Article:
What You Need to Know
- The risky move, risky move backed by President Joe Biden, assures a potentially damaging showdown with Republicans.
- The debt ceiling would be suspended through December 2022; stopgap funding would last through Dec. 3, 2021.
- The standoff is thought to be one contributor to the rout in stocks Monday; The Treasury market is showing some signs of concern.
House Democrats will include a suspension of the U.S. debt ceiling in a spending bill needed to keep the government open past the end of this month, a risky move backed by President Joe Biden that assures a potentially damaging showdown with Republicans.
The debt ceiling would be suspended through December 2022, which would push that battle past the mid-term congressional elections. The stopgap funding bill would last through Dec. 3, 2021, a person familiar with the legislation said — setting up another fight to keep the government operating at the end of this year.
But those dates may not matter, with Republicans and Democrats completely at odds over the debt limit. Without a shift in position by one of the two parties, the decision to combine the temporary funding measure and the debt ceiling leaves the U.S. on course for a government shutdown and defaults on federal payments as soon as next month.
“This week, the House of Representatives will pass legislation to fund the government through December of this year to avoid a needless government shutdown that would harm American families and our economic recovery before the September 30th deadline,” House Speaker Nancy Pelosi and Senate Majority Leader Chuck Schumer said in a joint statement, referring to the government’s fiscal-year deadline. “The legislation to avoid a government shutdown will also include a suspension of the debt limit through December 2022.”
Biden tweeted his support Monday afternoon, saying Pelosi and Schumer are acting “to keep the government open, provide disaster relief, and avoid catastrophic default.”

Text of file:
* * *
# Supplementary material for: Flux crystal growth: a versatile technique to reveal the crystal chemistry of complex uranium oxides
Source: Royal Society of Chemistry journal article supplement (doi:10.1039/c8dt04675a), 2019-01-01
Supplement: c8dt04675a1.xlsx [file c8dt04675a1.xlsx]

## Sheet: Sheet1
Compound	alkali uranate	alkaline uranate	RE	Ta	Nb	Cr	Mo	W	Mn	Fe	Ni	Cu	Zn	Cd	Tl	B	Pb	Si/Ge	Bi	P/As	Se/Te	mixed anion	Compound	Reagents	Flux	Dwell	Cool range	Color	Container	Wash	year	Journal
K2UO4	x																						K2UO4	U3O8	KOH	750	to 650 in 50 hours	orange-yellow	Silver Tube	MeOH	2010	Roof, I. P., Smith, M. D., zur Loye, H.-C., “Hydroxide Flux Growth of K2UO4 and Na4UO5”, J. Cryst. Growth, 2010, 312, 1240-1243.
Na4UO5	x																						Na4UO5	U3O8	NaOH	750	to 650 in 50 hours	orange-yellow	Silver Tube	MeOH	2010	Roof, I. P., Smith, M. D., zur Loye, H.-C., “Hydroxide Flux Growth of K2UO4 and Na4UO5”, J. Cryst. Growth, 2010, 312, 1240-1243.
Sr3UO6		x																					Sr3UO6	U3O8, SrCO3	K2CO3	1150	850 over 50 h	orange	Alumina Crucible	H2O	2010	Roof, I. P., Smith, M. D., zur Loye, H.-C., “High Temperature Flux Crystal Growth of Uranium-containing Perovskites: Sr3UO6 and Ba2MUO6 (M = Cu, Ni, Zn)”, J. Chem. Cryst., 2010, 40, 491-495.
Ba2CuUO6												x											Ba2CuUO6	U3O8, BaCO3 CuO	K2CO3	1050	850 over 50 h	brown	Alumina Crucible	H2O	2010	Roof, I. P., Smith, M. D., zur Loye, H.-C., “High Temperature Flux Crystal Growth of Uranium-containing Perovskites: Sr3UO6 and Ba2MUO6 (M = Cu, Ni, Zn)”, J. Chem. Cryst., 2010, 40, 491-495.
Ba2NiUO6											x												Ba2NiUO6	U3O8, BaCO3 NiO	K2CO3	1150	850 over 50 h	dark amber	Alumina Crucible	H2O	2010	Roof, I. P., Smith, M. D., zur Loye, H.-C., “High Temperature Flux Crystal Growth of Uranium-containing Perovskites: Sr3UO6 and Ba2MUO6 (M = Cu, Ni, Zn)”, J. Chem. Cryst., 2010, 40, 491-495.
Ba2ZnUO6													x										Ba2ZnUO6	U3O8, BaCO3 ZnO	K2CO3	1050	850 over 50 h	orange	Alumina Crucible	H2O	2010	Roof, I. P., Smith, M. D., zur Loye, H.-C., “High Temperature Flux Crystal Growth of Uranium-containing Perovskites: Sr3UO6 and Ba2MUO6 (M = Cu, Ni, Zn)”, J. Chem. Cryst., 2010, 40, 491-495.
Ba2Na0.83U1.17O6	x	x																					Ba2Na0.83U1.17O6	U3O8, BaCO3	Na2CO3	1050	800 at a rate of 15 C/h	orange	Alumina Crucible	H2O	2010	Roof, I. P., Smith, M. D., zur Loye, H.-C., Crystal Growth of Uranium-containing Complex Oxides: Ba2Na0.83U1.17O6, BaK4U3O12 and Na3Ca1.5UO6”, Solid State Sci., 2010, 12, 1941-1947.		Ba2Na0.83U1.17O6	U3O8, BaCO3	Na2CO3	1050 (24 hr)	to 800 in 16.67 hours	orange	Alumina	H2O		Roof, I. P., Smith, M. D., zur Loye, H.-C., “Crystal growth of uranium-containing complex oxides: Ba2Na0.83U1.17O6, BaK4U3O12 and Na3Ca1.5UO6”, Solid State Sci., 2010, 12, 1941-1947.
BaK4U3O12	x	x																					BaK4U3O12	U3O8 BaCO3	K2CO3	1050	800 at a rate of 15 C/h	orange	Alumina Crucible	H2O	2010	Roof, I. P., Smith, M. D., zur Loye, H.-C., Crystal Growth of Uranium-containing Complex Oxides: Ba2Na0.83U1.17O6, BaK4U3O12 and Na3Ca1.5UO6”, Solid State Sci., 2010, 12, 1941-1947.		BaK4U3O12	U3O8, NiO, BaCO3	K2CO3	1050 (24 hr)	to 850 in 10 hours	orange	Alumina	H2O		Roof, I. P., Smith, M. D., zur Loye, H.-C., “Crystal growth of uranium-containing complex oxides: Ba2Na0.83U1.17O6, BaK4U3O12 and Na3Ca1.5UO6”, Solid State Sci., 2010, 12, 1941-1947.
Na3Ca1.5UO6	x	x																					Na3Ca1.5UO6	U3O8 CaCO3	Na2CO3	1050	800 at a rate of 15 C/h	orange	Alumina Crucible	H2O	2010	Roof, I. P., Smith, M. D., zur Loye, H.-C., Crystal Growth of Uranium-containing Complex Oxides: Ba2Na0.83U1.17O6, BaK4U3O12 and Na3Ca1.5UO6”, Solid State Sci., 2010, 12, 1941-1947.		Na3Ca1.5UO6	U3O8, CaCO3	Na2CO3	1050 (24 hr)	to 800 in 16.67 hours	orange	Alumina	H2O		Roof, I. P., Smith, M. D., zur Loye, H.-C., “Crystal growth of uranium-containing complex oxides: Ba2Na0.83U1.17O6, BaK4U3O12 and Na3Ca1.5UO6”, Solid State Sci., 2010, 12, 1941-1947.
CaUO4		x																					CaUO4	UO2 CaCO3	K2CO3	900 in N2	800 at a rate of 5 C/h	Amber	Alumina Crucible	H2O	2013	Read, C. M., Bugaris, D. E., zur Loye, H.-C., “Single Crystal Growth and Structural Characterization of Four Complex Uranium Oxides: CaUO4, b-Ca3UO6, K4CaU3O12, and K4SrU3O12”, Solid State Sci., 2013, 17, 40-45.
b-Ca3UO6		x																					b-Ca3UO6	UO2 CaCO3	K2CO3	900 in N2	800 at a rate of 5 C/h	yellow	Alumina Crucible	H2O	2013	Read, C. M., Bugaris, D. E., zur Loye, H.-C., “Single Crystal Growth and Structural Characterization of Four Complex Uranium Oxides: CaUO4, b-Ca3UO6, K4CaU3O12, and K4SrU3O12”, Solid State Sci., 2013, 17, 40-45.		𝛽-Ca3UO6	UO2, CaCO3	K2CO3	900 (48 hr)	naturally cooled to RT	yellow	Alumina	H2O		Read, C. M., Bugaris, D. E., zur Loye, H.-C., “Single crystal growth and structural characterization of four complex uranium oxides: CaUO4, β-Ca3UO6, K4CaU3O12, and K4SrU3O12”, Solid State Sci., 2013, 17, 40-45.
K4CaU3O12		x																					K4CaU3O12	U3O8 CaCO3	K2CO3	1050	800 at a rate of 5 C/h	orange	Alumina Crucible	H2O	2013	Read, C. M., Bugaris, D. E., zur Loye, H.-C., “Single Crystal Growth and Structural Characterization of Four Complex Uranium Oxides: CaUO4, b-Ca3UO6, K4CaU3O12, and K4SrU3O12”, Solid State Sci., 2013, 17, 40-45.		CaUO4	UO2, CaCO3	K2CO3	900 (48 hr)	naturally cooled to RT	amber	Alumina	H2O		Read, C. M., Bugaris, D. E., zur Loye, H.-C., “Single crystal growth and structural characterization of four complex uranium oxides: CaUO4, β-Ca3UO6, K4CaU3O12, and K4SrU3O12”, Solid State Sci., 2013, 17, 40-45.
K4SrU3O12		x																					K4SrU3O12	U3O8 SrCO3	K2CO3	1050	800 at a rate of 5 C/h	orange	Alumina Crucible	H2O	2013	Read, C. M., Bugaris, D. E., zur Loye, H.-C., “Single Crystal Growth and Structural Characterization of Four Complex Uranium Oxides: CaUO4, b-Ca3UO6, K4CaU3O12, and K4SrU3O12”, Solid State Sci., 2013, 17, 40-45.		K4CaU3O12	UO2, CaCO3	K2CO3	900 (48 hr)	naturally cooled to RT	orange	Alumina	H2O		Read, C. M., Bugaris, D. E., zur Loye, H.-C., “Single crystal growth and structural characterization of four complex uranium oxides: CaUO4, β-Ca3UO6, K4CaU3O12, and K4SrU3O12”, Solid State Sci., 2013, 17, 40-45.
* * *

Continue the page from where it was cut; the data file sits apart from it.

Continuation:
Republicans have said they won’t vote to raise the debt ceiling as long as Democrats are pressing ahead with a partisan tax and spending plan encompassing much of Biden’s economic agenda. The White House and congressional Democratic leaders have insisted that the debt limit vote should be bipartisan.
“This is a bipartisan responsibility, just as it was under my predecessor,” Biden tweeted. “Blocking it would be inexcusable.”
The majority party aims to pressure Republicans into backing down on their threat by attaching it to the stopgap bill. The legislation also includes money for hurricane and wildfire disaster aid, which could make the package more difficult for some Senate Republicans — particularly from hard-hit hurricane states like Louisiana — to vote against.
Even so, it would likely be difficult to convince 10 Republicans to vote with Democrats in the Senate, where the package requires 60 votes for passage.
Republicans and Democrats are also in a dispute over Afghan aid tied to the stopgap bill and whether to include additional funds to vet refugees, according to a person familiar with the talks.
Senate GOP leader Mitch McConnell on Monday reiterated that Republicans “will not support legislation that raises the debt limit.”